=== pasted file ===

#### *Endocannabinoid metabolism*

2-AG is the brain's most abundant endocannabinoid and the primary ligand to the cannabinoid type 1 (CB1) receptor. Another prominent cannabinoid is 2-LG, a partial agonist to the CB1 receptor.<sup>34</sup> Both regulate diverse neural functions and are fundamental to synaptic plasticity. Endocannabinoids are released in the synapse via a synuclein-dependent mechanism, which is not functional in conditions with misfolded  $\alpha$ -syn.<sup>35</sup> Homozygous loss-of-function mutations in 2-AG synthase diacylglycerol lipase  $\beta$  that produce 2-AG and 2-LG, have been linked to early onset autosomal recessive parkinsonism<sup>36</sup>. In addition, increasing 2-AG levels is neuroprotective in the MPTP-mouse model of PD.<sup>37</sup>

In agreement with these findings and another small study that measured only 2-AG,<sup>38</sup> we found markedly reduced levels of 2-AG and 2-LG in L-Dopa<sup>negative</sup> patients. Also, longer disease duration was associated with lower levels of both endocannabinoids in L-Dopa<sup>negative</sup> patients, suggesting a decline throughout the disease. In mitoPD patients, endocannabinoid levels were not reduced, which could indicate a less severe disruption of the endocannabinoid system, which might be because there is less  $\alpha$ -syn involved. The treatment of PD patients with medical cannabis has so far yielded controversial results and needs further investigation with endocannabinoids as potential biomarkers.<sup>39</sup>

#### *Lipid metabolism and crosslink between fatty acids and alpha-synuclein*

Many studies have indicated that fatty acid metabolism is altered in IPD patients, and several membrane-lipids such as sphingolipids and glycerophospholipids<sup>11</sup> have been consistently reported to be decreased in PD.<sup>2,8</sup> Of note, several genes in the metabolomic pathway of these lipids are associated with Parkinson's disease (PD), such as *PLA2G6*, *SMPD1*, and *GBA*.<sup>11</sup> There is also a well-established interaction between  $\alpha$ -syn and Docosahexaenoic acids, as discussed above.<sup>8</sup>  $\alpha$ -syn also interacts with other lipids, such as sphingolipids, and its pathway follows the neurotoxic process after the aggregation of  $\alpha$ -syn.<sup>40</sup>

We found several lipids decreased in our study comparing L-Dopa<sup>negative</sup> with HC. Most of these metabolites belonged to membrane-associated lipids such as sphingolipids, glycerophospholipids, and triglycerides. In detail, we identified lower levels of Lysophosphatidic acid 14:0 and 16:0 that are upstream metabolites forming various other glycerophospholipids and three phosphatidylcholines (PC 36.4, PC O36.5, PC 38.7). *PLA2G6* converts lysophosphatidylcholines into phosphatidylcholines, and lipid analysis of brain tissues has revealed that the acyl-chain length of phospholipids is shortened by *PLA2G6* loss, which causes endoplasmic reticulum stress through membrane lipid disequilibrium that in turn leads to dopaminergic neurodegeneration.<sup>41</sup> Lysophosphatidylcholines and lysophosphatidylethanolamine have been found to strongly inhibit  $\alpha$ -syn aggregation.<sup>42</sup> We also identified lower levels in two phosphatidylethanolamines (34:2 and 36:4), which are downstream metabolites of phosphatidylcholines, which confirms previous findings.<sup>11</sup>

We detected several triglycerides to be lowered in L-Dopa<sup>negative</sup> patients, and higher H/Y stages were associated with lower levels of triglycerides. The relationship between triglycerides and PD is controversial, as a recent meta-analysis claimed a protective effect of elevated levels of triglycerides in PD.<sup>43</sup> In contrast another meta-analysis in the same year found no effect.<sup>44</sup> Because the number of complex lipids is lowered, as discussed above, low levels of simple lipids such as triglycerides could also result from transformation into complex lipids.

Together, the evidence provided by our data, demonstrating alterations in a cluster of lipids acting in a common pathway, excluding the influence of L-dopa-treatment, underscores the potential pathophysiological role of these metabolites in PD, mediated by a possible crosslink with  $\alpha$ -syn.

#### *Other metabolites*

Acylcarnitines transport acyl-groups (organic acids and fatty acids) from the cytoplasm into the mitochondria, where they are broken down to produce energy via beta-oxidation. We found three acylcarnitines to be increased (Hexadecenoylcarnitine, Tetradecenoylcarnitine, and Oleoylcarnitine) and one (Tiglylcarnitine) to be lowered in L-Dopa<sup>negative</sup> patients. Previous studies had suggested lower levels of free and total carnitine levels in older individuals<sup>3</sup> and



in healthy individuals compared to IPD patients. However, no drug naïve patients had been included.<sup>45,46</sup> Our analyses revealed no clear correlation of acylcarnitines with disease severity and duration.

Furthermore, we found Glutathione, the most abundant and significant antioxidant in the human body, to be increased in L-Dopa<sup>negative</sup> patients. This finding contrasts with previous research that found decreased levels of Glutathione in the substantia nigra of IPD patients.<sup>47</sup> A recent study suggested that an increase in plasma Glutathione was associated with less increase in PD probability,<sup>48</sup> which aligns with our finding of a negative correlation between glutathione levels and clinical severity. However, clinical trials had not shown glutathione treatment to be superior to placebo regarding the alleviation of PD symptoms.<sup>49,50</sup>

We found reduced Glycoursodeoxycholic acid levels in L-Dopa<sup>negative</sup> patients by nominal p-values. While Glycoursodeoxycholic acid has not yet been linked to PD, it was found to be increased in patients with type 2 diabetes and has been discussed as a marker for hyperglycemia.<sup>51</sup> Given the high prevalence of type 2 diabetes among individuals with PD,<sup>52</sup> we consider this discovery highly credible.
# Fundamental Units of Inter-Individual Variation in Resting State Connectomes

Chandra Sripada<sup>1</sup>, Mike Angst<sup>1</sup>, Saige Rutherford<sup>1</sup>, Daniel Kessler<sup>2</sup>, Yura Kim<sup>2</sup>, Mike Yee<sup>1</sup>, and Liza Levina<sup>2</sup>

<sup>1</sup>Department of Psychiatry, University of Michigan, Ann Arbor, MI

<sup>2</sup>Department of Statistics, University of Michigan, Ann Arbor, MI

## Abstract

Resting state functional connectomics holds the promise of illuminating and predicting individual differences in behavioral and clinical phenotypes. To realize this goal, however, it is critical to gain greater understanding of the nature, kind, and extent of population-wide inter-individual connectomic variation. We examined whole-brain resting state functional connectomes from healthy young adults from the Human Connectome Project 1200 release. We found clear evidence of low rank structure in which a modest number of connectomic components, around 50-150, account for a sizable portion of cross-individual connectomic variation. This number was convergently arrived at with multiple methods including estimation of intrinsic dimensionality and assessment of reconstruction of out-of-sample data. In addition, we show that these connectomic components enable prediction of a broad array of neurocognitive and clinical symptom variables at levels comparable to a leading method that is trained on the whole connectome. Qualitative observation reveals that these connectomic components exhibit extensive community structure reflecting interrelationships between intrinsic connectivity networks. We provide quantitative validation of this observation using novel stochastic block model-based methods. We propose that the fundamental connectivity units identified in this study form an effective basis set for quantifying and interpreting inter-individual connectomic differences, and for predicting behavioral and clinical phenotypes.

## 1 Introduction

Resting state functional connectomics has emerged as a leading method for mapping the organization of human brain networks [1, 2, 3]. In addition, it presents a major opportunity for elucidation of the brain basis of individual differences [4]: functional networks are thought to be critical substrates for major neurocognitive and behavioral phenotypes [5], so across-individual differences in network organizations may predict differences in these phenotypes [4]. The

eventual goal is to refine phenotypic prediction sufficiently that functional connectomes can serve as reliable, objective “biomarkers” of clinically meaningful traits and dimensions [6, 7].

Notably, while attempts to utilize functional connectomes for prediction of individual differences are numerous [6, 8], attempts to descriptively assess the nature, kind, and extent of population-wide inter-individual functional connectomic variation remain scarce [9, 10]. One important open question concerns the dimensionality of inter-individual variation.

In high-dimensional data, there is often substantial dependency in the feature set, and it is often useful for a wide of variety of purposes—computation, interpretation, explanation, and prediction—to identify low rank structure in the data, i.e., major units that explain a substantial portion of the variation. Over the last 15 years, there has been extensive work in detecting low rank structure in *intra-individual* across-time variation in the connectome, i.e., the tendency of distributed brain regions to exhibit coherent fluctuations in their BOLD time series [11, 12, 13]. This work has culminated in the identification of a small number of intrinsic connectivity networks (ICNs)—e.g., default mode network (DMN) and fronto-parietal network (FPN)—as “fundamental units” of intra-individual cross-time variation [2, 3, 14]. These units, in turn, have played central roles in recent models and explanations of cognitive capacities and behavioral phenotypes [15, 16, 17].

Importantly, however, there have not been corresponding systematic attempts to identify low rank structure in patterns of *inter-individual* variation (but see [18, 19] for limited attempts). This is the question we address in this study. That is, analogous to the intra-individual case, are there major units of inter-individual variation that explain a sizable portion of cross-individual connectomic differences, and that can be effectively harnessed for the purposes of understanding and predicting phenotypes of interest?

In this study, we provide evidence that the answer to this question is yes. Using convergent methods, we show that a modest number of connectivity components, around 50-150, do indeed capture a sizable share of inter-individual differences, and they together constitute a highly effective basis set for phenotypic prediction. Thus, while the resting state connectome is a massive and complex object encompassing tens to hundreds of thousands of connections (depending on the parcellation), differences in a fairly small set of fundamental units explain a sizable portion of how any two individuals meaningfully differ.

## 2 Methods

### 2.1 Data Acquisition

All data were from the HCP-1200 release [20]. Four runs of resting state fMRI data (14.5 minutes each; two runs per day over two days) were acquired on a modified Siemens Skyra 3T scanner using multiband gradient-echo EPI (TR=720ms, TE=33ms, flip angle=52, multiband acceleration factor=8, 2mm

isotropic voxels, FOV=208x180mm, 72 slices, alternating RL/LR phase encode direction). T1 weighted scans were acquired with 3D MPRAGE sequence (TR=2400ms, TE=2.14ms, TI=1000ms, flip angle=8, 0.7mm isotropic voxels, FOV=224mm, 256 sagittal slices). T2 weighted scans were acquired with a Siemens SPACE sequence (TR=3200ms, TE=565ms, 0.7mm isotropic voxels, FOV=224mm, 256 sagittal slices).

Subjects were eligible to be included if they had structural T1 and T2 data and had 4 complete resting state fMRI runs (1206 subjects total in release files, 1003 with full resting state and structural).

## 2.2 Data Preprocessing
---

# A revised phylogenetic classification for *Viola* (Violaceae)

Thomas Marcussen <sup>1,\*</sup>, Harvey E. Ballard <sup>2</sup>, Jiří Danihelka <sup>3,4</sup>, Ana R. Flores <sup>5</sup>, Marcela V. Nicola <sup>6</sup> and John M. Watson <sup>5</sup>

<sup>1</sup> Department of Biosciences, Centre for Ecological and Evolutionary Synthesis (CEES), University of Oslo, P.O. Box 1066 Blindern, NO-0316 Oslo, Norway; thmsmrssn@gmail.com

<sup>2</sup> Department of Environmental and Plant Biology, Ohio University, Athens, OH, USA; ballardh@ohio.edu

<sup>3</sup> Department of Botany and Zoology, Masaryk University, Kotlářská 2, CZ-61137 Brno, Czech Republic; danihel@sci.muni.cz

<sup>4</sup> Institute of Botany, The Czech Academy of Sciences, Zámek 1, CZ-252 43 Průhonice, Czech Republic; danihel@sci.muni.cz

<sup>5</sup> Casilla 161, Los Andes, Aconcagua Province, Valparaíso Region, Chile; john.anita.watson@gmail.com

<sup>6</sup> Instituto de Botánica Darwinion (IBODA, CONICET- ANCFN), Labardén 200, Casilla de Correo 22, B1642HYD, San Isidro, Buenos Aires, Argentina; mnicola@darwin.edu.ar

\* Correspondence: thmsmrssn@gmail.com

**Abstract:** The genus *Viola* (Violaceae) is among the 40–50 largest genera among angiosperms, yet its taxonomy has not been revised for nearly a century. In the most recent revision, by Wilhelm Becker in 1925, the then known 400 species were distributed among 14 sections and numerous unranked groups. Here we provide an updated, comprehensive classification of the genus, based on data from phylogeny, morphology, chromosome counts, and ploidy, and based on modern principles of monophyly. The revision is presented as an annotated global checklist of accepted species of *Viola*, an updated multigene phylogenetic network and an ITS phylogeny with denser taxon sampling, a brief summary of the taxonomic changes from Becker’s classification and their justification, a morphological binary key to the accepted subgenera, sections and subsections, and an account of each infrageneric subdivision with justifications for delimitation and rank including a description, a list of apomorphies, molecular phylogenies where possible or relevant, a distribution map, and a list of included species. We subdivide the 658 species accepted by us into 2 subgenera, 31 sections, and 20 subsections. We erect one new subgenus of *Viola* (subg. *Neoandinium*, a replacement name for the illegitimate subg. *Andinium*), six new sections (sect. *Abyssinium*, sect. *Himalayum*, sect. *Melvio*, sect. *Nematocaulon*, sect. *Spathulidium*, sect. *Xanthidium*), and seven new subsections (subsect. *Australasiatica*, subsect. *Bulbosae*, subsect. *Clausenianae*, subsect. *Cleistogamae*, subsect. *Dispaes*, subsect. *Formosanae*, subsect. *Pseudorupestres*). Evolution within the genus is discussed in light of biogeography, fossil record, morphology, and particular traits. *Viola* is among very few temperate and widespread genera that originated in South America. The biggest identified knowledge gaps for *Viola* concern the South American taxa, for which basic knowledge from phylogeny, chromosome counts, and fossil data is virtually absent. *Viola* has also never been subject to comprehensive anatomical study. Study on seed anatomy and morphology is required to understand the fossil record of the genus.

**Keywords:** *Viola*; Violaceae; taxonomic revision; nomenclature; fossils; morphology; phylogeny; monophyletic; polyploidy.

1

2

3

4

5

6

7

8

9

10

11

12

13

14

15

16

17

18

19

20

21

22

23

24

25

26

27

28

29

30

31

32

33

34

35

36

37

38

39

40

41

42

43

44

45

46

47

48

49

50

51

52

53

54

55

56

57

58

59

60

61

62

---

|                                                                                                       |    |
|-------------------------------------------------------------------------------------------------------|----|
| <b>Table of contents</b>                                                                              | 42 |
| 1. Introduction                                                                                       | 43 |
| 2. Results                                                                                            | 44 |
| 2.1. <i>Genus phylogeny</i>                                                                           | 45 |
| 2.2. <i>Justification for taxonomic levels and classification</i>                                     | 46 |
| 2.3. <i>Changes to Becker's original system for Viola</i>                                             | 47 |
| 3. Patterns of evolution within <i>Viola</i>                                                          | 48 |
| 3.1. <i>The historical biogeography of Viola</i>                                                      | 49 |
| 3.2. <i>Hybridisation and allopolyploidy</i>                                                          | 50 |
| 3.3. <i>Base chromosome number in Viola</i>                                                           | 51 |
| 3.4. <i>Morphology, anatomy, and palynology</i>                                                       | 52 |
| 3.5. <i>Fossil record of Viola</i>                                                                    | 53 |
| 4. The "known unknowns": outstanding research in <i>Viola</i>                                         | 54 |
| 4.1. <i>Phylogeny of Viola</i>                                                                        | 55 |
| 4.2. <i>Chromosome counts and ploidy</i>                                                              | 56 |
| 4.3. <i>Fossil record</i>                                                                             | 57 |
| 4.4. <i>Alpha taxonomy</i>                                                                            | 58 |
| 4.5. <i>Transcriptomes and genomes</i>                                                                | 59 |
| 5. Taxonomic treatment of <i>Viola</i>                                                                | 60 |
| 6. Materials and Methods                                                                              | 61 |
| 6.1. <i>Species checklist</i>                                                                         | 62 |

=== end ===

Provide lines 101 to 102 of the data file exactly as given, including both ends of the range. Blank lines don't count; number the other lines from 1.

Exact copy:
57

58